Violent conflicts pose a significant political and societal challenge throughout Africa. By the same token, in addition to varying constellations of conflict, they all have in common the fact that poor governance and the side-effects of corruption all the way to lack of socio-economic participation are basic causes of insecurity. Poor governance for its part to a large extent goes hand in hand with the loss of legitimacy and authority, offering fertile ground for violence and further conflict. At the same time, the nature of conflicts has changed in a fundamental manner: it is no longer primarily ostensibly ethno-political struggles or conflicts over distribution in the scramble for power and resources, but rather also transnational violence by terrorists acting together with organised crime that are increasingly undermining the nation-state system.
Against this background of ongoing threats to peace and security, the structure and design of the African Peace and Security Architecture (APSA) assumes a key role on the African continent as well as in European-African relations. Nevertheless, the APSA also leaves many issues unresolved. Thus, neither interaction between the African Union (AU) and Regional Economic Communities (RECs), nor the question of how the financial dependence of Africa can be reduced in the operationalisation of the APSA have been satisfactorily resolved.
Generally speaking, it will not be possible to secure peace and development over the long term without a political dialogue on good governance and democratic development among African countries. In addition to scarce resources and climate change, which are among the causes of crises and conflicts at the global level, unjust distribution and lack of prospects for a predominantly young population to participate in the political and economic system underlie the loss of authority and legitimation of state institutions. These are all associated with a host of security-policy challenges such as international organised crime, Islamic terrorist groups or ongoing instability that cannot be successfully confronted solely by military means.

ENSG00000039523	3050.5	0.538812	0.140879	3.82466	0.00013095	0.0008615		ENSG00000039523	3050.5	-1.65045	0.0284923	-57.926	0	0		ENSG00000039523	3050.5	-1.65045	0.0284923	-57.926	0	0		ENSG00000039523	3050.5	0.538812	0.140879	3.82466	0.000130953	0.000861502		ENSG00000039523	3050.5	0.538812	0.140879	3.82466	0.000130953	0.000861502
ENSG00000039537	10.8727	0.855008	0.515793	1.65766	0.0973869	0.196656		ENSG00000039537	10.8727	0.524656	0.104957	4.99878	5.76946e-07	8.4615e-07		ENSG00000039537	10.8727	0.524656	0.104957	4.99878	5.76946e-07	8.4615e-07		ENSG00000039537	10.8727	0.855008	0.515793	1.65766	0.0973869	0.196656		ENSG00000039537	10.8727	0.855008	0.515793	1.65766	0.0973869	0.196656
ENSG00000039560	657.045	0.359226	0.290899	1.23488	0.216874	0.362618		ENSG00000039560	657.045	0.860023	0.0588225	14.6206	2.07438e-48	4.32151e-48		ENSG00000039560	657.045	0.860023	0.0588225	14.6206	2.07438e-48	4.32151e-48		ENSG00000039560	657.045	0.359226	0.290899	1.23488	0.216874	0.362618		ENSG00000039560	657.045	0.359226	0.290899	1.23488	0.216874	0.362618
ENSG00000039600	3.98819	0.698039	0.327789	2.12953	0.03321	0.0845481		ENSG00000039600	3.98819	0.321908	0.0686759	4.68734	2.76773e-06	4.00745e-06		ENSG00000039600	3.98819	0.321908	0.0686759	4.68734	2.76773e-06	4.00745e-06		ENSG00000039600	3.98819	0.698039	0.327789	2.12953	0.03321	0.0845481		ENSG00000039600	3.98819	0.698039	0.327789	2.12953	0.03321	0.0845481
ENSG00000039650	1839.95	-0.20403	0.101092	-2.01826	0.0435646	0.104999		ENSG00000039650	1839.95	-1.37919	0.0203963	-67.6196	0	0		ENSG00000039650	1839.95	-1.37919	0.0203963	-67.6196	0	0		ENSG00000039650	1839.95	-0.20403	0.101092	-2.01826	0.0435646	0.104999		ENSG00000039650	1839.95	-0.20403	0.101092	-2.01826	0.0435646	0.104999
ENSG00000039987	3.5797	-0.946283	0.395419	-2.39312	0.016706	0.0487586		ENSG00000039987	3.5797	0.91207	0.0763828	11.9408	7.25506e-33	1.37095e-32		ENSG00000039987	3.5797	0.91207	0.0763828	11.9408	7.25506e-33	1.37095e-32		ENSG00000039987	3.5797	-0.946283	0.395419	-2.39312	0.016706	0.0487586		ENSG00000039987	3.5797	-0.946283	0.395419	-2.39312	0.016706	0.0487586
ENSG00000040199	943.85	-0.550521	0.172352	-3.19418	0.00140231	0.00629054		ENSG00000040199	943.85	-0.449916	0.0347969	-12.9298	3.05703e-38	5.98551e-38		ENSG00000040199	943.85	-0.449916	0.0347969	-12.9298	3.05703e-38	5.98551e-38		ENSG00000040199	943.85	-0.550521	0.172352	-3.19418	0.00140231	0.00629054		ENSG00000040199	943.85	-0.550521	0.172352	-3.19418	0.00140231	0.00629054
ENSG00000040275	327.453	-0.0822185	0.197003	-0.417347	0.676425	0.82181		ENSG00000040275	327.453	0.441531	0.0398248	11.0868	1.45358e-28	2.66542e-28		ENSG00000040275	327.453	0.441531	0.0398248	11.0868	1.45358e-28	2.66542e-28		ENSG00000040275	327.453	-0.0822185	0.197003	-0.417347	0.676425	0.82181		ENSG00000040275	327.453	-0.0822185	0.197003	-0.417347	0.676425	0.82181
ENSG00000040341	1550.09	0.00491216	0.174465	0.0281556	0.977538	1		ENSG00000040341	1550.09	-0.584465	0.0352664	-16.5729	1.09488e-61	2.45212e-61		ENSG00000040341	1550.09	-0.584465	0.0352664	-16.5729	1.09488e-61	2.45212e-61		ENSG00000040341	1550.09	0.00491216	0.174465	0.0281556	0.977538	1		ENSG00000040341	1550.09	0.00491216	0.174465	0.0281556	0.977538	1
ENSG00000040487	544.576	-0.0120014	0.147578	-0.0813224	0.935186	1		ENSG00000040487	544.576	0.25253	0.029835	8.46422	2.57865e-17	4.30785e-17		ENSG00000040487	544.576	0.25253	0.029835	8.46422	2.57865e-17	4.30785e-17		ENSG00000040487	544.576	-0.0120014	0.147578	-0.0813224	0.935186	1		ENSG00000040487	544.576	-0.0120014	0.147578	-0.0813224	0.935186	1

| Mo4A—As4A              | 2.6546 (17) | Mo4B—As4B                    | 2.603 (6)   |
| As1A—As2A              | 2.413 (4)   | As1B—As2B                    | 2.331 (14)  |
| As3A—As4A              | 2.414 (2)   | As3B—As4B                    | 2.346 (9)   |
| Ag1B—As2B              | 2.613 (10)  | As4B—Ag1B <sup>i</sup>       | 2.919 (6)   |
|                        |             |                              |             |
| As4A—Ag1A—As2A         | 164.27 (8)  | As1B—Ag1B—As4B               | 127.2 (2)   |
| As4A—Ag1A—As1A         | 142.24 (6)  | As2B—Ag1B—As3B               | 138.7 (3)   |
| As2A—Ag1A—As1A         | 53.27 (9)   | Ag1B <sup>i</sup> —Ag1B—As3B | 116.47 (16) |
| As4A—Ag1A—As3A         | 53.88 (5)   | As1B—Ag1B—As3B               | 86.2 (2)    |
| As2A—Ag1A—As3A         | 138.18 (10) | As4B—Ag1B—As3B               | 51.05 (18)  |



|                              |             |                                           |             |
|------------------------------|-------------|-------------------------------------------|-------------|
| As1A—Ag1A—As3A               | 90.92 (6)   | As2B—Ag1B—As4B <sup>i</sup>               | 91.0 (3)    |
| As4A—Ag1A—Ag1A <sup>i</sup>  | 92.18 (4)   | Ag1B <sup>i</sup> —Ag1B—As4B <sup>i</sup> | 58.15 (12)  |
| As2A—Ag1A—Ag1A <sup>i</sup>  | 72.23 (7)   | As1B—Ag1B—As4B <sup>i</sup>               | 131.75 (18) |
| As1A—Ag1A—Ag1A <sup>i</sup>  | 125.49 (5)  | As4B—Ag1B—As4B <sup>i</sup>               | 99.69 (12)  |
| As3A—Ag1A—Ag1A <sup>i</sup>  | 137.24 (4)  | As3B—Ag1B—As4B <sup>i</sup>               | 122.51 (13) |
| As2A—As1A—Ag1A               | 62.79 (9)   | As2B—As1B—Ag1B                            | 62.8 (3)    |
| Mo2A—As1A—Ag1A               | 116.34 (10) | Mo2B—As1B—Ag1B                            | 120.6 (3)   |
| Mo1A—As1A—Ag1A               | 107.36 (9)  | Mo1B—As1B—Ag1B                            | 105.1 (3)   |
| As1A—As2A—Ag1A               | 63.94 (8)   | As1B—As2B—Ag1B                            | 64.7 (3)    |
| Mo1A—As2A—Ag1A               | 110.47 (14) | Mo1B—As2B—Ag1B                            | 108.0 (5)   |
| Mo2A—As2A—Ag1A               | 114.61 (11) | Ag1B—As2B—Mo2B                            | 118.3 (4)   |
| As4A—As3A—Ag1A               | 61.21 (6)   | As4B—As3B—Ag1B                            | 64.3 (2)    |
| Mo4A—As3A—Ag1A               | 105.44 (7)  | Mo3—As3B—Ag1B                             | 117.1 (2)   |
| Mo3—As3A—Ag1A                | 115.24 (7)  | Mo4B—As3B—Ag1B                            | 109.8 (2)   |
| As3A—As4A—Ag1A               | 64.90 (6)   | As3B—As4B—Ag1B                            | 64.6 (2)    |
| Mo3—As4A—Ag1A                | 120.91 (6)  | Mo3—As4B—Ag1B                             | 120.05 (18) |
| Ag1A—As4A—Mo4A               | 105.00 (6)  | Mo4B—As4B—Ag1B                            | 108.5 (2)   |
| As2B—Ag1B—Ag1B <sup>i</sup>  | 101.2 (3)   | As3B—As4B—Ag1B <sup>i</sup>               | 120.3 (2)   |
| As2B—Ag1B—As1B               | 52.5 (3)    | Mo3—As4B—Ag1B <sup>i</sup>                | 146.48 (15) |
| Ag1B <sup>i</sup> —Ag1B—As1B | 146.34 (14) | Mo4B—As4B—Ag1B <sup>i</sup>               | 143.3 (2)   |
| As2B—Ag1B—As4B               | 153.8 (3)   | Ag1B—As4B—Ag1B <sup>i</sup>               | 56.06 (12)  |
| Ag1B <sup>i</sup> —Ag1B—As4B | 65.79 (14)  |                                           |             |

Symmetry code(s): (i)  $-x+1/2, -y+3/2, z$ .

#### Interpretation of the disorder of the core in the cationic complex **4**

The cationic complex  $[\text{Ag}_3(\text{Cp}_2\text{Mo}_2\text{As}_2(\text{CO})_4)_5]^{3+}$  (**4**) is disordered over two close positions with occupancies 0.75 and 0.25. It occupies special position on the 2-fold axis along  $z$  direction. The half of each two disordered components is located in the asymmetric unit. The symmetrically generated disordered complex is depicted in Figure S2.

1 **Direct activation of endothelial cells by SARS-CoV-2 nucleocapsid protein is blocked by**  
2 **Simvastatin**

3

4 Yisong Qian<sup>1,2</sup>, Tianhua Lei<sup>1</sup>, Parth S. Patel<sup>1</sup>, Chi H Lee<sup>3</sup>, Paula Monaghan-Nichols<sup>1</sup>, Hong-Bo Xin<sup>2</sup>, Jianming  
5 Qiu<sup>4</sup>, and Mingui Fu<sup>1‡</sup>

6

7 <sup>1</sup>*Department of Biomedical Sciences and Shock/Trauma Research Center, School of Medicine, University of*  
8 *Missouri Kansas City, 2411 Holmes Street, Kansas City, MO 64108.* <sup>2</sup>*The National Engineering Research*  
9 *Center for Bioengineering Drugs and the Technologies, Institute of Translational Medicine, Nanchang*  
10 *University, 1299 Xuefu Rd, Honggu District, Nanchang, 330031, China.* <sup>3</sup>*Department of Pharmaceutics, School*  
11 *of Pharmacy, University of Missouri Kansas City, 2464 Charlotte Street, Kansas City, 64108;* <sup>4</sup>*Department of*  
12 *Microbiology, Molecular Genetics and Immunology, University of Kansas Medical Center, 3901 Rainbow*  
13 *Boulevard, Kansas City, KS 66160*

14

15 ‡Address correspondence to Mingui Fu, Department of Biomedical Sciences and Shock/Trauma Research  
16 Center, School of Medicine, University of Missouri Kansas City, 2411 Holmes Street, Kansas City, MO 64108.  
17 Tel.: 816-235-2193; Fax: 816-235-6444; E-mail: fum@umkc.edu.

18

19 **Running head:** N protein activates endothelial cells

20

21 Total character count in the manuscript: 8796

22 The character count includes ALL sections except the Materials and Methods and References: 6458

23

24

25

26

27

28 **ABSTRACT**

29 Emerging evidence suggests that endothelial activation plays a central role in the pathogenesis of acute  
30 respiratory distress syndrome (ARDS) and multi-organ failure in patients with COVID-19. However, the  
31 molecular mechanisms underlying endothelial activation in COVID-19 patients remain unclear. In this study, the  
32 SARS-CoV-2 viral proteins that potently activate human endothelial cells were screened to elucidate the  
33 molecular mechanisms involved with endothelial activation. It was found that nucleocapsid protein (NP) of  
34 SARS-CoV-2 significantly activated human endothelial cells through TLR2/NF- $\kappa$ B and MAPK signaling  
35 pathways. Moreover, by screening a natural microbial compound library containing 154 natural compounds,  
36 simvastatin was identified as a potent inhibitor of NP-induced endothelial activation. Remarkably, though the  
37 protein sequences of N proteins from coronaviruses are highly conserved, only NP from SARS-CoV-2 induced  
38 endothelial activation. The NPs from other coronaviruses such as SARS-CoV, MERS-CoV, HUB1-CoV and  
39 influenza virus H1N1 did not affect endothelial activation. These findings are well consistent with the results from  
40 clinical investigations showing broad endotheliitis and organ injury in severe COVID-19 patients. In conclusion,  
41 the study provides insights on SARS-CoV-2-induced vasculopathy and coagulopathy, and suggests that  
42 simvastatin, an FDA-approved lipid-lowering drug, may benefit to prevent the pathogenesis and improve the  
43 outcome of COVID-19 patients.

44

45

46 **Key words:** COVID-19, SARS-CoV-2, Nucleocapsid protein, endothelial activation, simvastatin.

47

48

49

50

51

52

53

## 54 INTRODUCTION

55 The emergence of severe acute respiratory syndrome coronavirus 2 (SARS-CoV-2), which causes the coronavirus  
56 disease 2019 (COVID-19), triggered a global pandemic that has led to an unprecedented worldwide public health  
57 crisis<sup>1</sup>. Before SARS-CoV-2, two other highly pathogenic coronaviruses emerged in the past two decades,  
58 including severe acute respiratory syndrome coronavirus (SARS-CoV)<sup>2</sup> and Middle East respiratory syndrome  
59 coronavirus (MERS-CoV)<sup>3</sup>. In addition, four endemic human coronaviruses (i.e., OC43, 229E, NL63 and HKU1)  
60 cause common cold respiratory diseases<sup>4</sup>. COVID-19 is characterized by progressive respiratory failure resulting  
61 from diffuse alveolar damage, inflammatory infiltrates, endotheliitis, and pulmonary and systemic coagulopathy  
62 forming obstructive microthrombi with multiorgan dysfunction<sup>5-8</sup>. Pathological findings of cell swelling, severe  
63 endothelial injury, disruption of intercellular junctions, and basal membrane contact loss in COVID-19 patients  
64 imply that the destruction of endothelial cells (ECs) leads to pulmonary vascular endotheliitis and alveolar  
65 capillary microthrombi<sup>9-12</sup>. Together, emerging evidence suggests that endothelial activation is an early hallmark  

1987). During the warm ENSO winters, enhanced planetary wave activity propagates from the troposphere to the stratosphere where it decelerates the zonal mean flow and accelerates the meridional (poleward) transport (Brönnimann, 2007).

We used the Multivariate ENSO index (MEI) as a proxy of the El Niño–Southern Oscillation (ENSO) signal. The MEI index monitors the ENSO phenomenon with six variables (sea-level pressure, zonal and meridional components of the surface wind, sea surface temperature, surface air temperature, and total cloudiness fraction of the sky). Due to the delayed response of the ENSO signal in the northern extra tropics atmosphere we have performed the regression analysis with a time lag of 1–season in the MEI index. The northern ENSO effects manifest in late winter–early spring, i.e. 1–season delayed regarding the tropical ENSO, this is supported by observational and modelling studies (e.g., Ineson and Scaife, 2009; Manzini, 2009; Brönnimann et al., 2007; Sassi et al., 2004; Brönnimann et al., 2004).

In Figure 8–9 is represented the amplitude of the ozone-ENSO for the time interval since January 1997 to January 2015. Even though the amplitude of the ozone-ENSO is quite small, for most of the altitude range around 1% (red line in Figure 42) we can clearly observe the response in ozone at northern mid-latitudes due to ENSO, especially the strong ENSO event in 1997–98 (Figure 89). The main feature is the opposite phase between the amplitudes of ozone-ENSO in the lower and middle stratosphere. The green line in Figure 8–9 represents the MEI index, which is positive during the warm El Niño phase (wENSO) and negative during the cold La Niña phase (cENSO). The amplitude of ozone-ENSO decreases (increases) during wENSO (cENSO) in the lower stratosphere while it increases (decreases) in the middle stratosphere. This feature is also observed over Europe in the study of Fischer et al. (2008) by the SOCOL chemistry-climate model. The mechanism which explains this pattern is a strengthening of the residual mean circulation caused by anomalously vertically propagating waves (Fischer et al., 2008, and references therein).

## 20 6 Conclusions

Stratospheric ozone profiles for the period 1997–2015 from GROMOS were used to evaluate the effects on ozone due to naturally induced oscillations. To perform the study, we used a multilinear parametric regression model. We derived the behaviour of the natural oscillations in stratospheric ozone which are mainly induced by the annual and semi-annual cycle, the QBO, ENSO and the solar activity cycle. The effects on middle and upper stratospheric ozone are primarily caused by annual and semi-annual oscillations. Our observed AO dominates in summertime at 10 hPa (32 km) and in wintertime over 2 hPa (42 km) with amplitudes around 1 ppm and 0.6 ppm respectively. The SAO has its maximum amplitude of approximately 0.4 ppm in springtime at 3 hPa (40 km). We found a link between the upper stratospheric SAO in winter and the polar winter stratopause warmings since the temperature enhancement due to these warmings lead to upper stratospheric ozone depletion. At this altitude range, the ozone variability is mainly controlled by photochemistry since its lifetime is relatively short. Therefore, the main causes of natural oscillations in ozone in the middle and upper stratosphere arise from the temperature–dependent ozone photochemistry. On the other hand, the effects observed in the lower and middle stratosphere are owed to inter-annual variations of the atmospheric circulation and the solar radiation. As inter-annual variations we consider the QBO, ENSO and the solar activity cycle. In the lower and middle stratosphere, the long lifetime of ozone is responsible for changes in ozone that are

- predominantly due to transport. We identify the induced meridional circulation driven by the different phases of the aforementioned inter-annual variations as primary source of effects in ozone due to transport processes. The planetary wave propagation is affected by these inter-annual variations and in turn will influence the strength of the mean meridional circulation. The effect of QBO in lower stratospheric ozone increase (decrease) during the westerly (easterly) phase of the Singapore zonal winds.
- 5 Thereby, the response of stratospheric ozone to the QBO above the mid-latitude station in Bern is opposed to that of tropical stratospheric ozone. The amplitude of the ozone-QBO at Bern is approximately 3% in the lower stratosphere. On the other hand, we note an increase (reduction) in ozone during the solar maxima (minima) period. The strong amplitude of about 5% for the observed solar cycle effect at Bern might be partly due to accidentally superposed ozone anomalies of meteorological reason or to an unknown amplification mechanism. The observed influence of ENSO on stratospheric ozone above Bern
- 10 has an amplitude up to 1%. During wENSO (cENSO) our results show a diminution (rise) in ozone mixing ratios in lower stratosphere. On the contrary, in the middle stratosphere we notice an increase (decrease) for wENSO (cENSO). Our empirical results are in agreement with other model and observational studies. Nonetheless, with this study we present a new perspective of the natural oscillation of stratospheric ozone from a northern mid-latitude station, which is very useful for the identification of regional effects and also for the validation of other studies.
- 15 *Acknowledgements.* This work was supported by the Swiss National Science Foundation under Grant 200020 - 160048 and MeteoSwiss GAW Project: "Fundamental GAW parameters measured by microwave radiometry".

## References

Given all this, the strategy of the FES is to establish a broader notion of security, including in internal African and European-African dialogues, which are often dominated by acute crises and urgent short-term security interests. At the same time, Africa's voice in the global discourse over collective security and crisis prevention needs to be strengthened by sensitisation for certain issues and topics, the establishment of expertise and creation of platforms within and outside Africa and contribute to a partnership-like dialogue. Especially with a view to the European-African dialogue, there is an urgent need to identify common development-policy interests and priorities, including beyond the security-policy debate, in order to jointly develop strategies to meet global challenges.
Work lines on topics in the area of peace and security have been playing a key role at all sub-regional levels of FES work in Africa for years: thus, for example, there is a regional work line in East Africa on transparency of the foreign and security-policy orientation of countries in the region, a regular regional security dialogue and work approaches for the reform of the security sector in its capacity as a key sector in processes of democratic reform in southern Africa, and in West Africa a focus on the area of peace and security. Beyond this, there are work approaches bearing relevance to security policy in several national projects, inter alia in Ethiopia, Mozambique, Zimbabwe, Côte d‘Ivoire, Guinea, Cameroon, Mali and Nigeria. The Centre of Competence for Peace and Security in Dakar has been coordinating work over the entire continent since July 2016.